Infinite sequences can often be defined in a recursive way. Every recursive definition needs a base case defining the first values in the sequence (at least one) and the rule for forming an element using previously computed ones.

**Below are some examples:**

Powers of 2

- 1, 2, 4, 16, 32, 64, …., 2
^{n}, … - Base case: P(0) = 1, P(1) = 2
- P(n) = 2 x P(n-1)

An arbitrary sequence

- 2, 3, 6, 18, 108, 1944, ….
- Base cases: a(0) = 2 and a(1) = 3
- a(n) = a(n-1) x a(n-2)
- see Video at https://www.khanacademy.org/math/integral-calculus/sequences_series_approx_calc/calculus-sequences/v/term-of-recursive-sequence

Factorials

- n! is the product of all positive integers less than or equal to
*n*. - For example, 5! = 5 x 4 x 3 x 2 x 1 = 120
- Base case: F(1)=1
- F(n) = n x F(n-1) for n >1
- Interesting facts and uses of factorials can be found at http://www.mathsisfun.com/numbers/factorial.html.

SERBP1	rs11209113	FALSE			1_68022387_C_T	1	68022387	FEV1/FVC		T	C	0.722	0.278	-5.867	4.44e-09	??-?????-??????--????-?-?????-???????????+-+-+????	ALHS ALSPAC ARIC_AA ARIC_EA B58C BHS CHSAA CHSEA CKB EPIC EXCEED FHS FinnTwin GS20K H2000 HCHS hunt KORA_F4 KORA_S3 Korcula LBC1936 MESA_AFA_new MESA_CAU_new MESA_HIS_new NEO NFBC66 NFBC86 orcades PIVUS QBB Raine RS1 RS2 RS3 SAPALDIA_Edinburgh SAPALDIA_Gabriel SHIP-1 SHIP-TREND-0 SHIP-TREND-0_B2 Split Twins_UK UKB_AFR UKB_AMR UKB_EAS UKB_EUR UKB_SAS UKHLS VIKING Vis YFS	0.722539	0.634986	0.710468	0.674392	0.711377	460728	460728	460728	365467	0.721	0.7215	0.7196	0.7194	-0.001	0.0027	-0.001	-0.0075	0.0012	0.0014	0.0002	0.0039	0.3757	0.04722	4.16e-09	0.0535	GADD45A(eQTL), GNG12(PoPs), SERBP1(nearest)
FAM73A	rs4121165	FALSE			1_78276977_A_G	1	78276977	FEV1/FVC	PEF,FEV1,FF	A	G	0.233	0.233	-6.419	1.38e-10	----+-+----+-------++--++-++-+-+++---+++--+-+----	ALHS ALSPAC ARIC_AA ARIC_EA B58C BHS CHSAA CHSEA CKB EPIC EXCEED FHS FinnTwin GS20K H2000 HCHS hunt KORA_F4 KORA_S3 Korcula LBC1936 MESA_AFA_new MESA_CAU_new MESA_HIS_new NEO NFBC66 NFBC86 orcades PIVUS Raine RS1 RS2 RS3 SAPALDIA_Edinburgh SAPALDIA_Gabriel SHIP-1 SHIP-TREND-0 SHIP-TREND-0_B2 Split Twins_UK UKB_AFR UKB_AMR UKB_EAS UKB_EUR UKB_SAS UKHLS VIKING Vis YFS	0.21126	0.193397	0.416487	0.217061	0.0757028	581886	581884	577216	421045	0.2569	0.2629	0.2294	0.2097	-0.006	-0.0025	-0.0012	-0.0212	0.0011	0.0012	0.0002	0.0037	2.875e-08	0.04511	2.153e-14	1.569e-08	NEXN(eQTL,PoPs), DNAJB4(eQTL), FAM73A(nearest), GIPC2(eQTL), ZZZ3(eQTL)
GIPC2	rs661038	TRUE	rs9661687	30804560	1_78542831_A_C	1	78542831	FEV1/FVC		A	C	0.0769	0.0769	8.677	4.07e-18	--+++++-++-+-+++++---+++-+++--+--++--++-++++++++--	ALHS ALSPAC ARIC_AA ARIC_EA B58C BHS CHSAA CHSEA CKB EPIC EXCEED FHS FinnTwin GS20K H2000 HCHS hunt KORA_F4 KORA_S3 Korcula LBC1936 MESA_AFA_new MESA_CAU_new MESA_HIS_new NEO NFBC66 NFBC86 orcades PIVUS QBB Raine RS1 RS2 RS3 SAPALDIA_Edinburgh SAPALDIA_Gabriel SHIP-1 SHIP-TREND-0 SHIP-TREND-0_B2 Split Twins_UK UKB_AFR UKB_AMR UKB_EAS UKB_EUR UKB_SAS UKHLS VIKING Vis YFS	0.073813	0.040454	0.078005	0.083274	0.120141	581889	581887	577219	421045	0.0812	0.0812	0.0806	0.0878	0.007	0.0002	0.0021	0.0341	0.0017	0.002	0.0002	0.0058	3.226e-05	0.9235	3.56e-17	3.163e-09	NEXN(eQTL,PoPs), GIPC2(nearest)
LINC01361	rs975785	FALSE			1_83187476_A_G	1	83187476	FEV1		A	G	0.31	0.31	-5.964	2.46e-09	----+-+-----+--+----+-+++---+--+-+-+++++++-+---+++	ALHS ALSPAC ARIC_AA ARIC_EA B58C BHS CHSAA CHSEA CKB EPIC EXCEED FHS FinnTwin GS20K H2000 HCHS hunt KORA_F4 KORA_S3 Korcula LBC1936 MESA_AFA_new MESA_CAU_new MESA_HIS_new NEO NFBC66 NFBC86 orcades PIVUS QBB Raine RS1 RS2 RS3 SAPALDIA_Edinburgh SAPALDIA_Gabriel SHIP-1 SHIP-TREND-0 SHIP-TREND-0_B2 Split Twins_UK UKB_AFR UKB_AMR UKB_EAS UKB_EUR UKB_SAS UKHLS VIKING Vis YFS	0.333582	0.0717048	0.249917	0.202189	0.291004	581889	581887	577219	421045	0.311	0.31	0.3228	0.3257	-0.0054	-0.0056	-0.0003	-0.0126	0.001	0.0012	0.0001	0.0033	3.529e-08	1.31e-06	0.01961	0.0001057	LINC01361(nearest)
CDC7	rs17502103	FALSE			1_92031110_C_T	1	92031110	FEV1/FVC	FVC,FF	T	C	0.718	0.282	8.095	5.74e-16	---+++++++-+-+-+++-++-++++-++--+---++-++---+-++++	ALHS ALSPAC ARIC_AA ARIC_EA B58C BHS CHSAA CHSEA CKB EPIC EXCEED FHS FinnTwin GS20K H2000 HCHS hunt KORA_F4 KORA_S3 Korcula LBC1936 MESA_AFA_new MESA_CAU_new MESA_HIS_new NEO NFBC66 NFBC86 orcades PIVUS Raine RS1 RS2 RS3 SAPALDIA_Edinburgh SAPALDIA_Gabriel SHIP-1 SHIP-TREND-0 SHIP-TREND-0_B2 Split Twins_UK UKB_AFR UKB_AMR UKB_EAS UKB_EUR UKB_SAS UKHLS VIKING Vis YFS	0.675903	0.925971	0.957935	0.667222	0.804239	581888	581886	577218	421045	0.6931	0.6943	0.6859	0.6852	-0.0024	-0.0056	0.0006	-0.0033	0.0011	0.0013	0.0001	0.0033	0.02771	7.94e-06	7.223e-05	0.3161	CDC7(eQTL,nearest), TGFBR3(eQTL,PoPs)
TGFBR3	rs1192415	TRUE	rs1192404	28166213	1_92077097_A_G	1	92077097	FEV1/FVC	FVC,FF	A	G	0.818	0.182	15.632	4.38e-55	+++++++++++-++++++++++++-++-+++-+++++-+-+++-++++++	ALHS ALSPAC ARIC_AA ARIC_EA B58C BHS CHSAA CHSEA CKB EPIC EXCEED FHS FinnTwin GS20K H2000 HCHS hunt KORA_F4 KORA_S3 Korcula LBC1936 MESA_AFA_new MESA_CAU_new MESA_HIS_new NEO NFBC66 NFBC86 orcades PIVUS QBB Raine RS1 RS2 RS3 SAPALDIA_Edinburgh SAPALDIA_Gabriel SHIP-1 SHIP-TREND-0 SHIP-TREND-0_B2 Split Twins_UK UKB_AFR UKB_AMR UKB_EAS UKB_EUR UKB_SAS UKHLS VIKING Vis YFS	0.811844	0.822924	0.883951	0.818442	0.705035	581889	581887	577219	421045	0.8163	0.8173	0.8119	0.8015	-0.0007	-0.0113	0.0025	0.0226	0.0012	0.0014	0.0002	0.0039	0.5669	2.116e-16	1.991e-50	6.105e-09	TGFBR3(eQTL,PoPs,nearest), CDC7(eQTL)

Fibonacci sequence

- 0, 1, 1, 2, 3, 5, 8, 13, 21, 34, 55, 89, 144, 233, 377, 610, 987, …
- Base cases: f(0)=0 and f(1)=1
- f(n) = f(n-1) + f(n-2) for n>1
- we describe different ways computing f(n) in
**Example 5:****Computing a Fibonacci number**. - Interesting information and historical facts about Fibonacci numbers can be found at

**Exercises a teacher can do with students**

- For Fibonacci numbers, ask students to compute a specified value, like f(15) , with paper and pencil. Let them find their own way of doing it and ask them to explain how the managed the results computed. Did they use recursion?
- Give students a sequence and ask them to determine the recursive definition generating the sequence. For example
- 1, 3, 9, 27, 81, 243, ….
- 1, 7, 49, 343, …